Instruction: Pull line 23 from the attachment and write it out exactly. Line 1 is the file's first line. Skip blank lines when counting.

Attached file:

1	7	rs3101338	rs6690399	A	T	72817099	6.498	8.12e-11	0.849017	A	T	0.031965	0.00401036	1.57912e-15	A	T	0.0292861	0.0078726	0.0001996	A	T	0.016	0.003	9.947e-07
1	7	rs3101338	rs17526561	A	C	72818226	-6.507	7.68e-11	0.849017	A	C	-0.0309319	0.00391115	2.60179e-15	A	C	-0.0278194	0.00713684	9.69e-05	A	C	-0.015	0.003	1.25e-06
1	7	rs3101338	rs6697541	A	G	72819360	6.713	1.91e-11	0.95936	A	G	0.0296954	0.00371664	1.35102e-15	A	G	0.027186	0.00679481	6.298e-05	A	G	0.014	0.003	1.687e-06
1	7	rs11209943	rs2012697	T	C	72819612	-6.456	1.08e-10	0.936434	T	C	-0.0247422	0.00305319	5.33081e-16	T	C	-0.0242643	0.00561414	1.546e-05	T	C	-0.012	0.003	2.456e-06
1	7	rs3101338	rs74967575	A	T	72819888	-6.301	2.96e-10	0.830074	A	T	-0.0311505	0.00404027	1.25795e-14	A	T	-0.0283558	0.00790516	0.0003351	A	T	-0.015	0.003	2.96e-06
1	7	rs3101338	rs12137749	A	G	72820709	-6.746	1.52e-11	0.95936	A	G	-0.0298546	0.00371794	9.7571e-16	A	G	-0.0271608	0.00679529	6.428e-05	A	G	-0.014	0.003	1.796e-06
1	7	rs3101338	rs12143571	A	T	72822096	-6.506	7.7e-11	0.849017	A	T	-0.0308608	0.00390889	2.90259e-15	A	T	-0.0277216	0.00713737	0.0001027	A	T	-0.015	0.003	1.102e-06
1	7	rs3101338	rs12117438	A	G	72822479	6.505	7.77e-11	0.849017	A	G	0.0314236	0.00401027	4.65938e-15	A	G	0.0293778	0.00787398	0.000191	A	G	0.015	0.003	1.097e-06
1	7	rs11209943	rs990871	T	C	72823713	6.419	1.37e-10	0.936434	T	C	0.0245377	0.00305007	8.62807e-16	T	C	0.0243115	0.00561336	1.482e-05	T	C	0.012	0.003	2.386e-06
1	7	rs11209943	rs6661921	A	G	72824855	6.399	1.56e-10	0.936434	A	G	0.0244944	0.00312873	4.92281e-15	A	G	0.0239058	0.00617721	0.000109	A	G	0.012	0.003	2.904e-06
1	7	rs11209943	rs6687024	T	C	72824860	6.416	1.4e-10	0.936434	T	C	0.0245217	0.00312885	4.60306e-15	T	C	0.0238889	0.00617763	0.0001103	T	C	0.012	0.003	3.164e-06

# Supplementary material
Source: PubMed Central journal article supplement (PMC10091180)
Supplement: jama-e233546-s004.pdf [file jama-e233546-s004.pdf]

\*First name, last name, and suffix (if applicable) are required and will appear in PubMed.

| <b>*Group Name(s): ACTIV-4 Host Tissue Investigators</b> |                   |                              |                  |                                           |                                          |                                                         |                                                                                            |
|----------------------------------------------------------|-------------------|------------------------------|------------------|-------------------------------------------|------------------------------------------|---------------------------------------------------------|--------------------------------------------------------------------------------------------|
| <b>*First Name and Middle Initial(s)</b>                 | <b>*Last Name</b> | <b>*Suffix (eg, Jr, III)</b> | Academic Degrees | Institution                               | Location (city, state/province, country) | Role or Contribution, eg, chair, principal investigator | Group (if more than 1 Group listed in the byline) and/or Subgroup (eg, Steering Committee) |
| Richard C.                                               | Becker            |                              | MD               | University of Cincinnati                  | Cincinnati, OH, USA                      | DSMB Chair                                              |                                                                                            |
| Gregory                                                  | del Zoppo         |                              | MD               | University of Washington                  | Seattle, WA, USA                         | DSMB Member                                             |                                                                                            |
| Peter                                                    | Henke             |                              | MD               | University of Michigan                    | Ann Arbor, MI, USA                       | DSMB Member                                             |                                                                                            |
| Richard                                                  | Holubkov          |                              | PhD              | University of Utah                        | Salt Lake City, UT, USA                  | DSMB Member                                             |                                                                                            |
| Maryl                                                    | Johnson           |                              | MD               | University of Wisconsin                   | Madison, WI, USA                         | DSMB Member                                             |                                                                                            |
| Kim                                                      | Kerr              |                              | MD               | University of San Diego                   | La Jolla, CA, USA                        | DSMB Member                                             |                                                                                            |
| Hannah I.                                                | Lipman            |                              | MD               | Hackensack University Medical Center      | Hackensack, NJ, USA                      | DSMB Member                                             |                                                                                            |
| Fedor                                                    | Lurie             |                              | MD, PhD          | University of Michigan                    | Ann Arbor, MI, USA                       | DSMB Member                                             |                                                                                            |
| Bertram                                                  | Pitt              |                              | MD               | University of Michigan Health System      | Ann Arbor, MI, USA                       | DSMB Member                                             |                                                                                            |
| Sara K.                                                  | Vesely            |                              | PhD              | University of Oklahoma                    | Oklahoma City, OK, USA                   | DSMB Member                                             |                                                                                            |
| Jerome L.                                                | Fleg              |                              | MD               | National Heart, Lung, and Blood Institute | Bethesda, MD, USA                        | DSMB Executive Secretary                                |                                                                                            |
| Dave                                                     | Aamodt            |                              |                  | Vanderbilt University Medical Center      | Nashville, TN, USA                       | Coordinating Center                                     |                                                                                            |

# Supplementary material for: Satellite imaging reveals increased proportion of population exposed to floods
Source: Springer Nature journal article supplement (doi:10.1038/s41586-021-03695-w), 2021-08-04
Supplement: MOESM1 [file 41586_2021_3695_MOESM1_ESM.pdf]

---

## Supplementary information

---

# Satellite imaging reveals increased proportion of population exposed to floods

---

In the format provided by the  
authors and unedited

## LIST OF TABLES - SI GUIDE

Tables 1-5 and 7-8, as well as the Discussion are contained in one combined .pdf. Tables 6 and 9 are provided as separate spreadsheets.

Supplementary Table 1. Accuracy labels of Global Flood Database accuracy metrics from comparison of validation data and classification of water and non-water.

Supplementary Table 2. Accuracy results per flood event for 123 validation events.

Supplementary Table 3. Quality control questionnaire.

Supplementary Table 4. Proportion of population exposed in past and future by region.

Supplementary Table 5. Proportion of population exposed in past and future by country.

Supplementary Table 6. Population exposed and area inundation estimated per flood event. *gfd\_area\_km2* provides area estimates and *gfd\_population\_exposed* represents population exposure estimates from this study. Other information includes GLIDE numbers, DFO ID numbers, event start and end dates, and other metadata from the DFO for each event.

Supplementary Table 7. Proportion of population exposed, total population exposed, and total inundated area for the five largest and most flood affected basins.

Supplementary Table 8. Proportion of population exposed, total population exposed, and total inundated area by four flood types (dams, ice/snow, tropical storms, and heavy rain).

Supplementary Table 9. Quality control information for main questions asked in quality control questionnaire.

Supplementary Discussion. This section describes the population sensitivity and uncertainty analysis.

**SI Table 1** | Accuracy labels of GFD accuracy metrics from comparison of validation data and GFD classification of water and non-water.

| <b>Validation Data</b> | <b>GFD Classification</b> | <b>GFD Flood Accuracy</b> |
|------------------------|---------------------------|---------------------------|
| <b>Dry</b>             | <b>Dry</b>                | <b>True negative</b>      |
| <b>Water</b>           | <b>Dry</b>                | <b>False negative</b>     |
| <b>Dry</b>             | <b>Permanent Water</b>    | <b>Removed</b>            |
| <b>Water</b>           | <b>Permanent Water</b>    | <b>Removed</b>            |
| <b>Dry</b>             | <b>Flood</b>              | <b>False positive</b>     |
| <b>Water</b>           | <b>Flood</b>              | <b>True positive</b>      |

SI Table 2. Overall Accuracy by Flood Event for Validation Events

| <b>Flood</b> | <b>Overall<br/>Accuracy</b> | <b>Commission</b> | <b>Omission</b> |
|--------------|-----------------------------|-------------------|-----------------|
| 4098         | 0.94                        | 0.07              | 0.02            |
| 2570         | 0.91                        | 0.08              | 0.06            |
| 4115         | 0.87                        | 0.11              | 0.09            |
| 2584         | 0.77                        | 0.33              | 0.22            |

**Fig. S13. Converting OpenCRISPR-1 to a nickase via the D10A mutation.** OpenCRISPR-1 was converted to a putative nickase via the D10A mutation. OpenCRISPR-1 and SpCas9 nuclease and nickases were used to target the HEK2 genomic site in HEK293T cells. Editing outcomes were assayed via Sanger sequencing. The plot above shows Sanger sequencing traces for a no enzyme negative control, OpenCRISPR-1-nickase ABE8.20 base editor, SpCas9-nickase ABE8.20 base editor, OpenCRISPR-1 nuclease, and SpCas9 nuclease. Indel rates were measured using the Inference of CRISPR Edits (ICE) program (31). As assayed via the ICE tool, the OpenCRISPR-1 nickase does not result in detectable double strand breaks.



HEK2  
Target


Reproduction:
| Maryl                                                    | Johnson           |                              | MD               | University of Wisconsin                   | Madison, WI, USA                         | DSMB Member                                             |                                                                                            |